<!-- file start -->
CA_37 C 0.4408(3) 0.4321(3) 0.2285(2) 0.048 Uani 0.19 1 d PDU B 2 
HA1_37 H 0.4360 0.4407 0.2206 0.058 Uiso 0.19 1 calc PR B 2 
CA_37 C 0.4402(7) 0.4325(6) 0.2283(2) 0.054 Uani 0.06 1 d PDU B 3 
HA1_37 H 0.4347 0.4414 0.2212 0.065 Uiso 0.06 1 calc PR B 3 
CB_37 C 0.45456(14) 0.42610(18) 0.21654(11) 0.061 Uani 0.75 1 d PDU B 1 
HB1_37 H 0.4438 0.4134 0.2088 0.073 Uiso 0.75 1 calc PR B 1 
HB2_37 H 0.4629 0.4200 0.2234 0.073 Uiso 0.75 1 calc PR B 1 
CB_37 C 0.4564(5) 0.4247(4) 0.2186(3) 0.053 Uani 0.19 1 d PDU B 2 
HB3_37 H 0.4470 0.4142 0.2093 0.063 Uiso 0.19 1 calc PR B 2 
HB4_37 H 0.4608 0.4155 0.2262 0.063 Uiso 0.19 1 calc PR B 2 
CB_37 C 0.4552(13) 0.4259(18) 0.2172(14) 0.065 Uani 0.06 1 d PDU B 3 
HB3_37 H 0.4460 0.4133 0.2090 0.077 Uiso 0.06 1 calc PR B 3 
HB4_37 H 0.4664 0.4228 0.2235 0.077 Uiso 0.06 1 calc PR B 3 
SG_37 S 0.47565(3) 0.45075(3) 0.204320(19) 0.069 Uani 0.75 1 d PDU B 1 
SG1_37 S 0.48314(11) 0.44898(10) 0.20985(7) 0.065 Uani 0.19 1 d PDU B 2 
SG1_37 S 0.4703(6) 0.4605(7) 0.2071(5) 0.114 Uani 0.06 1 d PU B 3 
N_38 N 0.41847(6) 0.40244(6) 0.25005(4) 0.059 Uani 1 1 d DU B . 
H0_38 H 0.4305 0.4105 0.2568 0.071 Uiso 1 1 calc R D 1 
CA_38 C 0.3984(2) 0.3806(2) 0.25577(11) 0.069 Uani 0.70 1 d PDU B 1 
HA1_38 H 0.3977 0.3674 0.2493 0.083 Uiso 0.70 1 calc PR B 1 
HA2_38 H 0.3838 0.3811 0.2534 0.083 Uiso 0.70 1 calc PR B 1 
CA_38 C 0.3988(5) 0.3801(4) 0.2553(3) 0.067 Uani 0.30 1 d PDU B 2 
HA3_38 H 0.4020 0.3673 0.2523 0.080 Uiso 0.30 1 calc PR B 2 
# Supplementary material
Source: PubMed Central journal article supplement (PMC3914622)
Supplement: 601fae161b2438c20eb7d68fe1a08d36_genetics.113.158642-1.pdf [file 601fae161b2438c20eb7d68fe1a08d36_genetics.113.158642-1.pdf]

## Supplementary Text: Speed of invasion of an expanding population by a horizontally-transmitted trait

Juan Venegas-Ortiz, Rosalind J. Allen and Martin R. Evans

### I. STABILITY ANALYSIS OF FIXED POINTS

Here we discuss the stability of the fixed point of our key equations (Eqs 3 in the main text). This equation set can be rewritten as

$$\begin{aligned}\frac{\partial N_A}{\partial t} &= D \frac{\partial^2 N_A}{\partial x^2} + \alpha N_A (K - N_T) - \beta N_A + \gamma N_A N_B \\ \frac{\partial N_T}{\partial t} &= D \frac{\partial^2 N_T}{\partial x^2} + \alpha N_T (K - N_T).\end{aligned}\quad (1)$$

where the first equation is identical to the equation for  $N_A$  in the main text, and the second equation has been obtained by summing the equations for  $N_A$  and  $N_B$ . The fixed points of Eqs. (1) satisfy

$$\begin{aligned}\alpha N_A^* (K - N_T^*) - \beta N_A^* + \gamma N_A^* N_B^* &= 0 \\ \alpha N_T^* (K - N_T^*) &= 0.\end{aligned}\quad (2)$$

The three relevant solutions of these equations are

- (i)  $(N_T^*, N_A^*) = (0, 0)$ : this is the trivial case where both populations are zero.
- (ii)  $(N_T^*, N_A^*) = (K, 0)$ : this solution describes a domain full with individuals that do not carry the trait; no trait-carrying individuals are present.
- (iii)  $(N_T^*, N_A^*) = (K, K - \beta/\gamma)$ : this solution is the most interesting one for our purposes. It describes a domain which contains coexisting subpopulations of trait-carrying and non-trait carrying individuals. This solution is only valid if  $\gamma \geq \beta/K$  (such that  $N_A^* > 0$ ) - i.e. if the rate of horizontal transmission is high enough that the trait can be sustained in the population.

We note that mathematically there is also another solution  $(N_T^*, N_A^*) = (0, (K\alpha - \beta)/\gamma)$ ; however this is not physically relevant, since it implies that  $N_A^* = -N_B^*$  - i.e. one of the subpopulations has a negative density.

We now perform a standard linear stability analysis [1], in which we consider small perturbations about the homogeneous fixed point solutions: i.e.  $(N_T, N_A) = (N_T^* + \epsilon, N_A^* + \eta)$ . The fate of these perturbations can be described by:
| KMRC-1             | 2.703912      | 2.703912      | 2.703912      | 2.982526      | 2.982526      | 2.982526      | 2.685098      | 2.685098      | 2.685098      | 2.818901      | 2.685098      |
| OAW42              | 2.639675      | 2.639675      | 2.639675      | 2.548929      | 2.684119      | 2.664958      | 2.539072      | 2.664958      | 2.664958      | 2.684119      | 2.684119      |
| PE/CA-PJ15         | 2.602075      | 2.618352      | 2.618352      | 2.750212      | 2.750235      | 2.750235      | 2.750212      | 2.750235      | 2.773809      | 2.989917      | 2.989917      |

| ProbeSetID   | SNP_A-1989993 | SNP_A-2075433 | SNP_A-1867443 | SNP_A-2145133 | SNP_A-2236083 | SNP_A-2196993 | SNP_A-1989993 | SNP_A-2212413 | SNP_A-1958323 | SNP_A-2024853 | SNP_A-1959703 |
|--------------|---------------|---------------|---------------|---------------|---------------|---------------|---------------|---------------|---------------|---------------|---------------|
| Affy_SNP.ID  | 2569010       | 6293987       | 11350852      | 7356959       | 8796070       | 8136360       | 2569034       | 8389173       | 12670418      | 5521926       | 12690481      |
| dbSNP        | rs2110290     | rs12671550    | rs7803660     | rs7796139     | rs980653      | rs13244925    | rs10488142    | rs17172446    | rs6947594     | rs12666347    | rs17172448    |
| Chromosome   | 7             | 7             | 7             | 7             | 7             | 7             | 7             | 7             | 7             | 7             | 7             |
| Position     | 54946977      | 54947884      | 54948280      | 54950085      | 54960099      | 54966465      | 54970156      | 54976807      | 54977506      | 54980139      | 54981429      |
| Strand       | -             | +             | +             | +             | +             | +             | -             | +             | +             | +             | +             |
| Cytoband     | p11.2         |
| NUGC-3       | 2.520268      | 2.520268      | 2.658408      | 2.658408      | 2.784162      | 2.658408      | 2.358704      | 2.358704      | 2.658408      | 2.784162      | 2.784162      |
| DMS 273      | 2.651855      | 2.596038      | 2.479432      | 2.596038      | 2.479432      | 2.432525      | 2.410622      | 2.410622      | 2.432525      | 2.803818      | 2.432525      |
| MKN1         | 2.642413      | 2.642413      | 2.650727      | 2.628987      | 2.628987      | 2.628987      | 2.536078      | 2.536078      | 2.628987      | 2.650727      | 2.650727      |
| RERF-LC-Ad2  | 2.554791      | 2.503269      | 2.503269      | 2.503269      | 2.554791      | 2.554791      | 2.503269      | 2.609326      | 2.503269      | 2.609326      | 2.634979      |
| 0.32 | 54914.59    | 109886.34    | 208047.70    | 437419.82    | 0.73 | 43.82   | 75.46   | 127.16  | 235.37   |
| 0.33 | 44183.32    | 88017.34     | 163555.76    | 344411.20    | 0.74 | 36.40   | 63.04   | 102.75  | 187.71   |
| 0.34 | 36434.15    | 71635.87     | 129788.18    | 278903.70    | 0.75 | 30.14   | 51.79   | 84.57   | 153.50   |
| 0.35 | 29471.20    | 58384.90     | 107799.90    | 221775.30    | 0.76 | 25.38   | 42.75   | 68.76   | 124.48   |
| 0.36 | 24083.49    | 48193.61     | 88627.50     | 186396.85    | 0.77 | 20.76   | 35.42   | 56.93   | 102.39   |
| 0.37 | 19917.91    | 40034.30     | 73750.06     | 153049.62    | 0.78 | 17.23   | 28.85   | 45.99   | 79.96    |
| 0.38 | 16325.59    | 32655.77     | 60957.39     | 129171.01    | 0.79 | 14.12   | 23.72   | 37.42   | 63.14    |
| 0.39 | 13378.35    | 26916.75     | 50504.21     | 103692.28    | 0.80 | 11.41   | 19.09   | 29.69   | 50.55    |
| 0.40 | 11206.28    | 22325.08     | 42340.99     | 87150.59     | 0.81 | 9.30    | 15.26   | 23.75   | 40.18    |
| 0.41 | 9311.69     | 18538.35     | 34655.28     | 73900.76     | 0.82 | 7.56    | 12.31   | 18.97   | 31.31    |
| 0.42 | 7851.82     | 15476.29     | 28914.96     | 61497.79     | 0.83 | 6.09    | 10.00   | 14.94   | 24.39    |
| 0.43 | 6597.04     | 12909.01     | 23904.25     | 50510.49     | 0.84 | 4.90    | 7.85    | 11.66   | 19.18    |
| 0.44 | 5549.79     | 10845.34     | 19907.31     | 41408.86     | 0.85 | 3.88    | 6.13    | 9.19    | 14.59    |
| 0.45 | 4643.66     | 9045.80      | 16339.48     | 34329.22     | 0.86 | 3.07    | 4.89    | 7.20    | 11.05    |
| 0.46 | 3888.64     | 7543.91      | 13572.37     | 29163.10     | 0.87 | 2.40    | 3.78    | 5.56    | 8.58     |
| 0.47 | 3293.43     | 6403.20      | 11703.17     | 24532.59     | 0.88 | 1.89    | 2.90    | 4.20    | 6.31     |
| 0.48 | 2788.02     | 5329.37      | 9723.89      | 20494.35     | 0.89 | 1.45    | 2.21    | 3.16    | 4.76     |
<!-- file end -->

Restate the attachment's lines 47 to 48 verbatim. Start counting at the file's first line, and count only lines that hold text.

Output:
| Chromosome   | 7             | 7             | 7             | 7             | 7             | 7             | 7             | 7             | 7             | 7             | 7             |
| Position     | 54946977      | 54947884      | 54948280      | 54950085      | 54960099      | 54966465      | 54970156      | 54976807      | 54977506      | 54980139      | 54981429      |